You know how everyone’s been talking about Charice Pempengco‘s duet with Celine Dion? Yeah, that one – the one that’s got stage moms all in a tizzy, rushing to enroll their squeaky daughters at the center for Pop and trying to learn how to upload vids on YouTube.
Charice really pulled off a pretty good performance there. My friend says she sang a bit fast, but then again, that’s what nerves can do to you. After all, the girl was in Madison Square Garden, right? Anyway, so it was a wonderful performance and she deserved every second of applause she got.
But that’s not what this post is about. I’m sure there’ll be tons of blogposts on this girl’s performance, anyhoo. So I’ll talk about a couple of things I noticed instead.
First off, this vid shows Celine Dion’s intro for Charice. She talked up a storm about the girl, most of it glowing praise. But what got my goat, and pretty much turned me off, was the emphasis Dion was placing on how terrible Charice’s life was – abusive father and all that – presumably before music made it all bearable, la dee-da.
Well, alright. Maybe there is some truth to that. Hell, maybe even a lot of truth. But do we really have to bring this girl’s tattered past to the fore just to make her more amazing? It’s ridiculous. The girl’s got pipes the likes of which we haven’t seen since, I don’t know, Lea Salonga? What good does framing her as a survivor of domestic tragedy really do? What value does it add to her astounding talent? Nothing. It adds nothing of value whatsoever. All it does is prostitute her past for the sake of adding a little more burnish to her shine. She doesn’t need it.
You know what? It’s us who needs it. We – and I am speaking in broadly general terms here – need for her to be a survivor because that’s what makes her such an aspirational figure for us. We turn her into some role model that we can use and abuse for own purposes. But in doing so – in forcing her to be our psychological comfort – we risk locking her into that iconography until she becomes famous, not for her talent, but for what she represents. Right now, that might be fine, but she’s only sixteen.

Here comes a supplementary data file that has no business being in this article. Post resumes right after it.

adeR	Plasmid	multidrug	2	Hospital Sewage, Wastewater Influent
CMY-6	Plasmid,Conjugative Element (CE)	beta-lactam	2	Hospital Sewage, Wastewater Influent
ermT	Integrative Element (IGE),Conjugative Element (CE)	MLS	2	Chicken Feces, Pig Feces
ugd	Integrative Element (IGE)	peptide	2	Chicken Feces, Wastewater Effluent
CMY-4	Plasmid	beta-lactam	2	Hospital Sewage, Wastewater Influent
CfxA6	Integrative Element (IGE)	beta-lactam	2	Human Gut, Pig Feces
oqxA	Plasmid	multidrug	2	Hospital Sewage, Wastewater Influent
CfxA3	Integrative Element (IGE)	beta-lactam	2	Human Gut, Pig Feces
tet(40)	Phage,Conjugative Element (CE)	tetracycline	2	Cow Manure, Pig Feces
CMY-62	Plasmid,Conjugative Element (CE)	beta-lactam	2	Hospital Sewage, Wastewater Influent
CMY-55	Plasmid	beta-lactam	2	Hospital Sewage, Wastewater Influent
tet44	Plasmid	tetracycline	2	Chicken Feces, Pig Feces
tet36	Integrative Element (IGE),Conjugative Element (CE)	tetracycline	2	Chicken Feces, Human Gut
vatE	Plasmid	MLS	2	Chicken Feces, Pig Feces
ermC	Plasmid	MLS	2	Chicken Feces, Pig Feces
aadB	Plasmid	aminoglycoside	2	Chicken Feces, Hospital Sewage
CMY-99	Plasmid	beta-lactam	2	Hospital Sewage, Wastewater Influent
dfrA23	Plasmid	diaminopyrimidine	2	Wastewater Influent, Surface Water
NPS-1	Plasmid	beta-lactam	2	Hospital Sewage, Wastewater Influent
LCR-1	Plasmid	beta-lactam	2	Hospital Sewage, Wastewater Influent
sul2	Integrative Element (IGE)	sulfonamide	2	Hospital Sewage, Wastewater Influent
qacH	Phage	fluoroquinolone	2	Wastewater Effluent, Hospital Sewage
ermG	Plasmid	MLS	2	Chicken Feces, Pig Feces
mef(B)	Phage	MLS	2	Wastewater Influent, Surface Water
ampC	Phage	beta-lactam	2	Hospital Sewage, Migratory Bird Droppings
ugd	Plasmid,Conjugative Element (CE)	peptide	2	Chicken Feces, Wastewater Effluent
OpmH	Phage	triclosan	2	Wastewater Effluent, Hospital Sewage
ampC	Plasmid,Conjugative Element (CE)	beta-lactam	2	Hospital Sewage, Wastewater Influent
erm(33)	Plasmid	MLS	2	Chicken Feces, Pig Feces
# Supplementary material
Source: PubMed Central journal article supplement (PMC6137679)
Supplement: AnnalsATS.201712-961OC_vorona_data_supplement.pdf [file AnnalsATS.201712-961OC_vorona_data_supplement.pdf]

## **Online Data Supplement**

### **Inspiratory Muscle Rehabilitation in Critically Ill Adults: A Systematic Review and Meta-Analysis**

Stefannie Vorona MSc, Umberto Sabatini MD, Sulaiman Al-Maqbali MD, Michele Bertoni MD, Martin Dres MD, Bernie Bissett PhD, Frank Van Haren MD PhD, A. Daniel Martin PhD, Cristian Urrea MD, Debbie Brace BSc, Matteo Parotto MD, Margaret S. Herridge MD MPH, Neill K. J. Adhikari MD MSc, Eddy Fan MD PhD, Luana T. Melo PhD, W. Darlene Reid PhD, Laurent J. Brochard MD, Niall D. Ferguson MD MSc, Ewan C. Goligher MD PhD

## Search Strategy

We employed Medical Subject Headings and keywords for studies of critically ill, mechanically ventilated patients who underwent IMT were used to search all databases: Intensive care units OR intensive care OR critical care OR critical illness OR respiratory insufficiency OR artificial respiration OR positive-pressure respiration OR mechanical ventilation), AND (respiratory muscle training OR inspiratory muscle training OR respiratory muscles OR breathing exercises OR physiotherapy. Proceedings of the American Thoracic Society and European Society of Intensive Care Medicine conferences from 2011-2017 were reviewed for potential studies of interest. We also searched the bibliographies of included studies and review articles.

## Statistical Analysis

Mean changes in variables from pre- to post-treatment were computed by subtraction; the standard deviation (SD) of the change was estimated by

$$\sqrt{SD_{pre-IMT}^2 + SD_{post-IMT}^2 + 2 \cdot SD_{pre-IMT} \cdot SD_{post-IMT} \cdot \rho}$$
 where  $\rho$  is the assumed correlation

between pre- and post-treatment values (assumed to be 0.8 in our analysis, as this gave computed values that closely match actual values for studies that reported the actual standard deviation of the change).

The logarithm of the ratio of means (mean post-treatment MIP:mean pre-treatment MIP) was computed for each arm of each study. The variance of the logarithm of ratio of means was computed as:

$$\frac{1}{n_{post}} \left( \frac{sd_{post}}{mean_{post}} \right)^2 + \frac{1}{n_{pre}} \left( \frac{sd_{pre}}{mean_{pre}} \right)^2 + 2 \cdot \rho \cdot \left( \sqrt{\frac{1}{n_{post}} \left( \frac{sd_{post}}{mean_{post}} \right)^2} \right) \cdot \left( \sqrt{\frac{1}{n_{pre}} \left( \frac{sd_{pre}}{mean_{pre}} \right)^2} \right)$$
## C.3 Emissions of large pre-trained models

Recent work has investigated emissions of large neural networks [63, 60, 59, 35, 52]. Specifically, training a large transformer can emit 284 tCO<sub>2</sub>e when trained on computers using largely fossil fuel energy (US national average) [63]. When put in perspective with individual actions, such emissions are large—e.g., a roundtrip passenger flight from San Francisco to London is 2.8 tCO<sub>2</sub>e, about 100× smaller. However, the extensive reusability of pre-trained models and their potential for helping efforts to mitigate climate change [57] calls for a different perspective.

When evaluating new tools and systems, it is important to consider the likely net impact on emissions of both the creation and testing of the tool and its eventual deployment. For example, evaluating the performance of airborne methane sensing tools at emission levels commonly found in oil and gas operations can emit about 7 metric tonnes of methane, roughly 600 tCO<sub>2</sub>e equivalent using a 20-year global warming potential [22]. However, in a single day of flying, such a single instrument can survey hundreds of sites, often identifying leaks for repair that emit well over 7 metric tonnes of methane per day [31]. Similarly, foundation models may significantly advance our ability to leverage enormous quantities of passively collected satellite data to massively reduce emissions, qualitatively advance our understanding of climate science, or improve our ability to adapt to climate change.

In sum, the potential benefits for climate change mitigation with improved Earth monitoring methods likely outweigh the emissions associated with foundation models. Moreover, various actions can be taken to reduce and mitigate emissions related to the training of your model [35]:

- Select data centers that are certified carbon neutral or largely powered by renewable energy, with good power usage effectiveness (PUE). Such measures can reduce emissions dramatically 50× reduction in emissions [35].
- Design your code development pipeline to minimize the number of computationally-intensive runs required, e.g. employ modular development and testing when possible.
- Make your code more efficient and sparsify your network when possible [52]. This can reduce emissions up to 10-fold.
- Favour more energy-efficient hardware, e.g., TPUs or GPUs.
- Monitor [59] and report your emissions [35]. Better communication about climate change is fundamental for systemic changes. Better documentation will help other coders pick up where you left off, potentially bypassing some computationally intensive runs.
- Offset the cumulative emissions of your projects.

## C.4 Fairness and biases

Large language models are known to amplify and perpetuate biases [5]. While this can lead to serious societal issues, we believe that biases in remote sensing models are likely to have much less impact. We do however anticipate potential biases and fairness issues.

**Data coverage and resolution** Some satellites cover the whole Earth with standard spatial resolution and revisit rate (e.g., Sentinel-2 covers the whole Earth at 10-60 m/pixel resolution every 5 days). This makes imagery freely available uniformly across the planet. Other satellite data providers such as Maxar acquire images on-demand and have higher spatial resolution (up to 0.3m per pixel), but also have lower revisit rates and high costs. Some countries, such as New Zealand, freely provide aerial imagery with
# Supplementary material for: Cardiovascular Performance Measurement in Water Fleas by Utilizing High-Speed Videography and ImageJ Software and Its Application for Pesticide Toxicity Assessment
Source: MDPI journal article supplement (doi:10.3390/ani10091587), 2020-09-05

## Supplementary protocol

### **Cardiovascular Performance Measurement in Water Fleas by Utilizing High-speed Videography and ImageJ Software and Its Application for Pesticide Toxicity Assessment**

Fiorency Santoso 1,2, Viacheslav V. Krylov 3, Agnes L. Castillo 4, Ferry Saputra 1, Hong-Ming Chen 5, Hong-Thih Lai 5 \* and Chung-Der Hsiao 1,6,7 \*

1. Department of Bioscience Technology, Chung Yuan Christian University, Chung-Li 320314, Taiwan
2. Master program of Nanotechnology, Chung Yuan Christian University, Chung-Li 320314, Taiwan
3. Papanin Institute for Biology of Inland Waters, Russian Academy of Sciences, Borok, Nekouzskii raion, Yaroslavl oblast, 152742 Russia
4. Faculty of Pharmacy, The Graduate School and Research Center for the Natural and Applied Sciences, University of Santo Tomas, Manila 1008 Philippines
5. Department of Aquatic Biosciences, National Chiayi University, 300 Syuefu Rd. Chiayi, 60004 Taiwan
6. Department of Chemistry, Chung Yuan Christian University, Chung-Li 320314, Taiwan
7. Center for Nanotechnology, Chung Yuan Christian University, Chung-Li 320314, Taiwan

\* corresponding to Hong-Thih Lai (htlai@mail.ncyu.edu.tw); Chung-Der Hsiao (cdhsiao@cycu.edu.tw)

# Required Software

She likely won’t be the same chirpy sunny person a year from now, and then what does she do? She can’t be herself anymore because if she turns out to be anything other than perfect, it’ll clash with our image of her and it’ll endanger her career. Instead, she’ll have to pretend to stay the perfect little survivor we have tattooed in our hearts and minds; and pretending that way lacerates the soul.
Next thing you know, she’ll be as dysfunctional as Britney Spears.
People should really learn to appreciate talent for its own sake, not because it survived against all odds.
The second thing I noticed about Dion’s verbose intro was how she cleverly made it appear that it was Oprah Winfrey that discovered Charice. That it was Oprah the whole world has to thank for the gift of the little girl’s killer voice.
All that crap Dion spouted was just Oprah pWning Ellen de Generes. And i can’t help but think that it was deliberate too.
Oprah has been steadily losing viewership to Ellen, who – for the record – was the one who introduced America to Charice. So, I’m guessing, when Oprah saw the opportunity to shaft Ellen, she did, by snapping up the girl, digging up her tragic past, and subtly trying to re-write history by making it appear that she discovered Charice.
Haha. Just sixteen and already a marketing tool. I can almost imagine the warm smell of colitas rising up through the air, and Oprah standing in the doorway and telling Charice to spend the night at Hotel California. I can only hope that she can get out with her soul intact.
Filed under: pop-culture, celebrity, Celine Dion, Charice, Charice Pempengco, duets, Ellen de Generes, Hotel California, Oprah Winfrey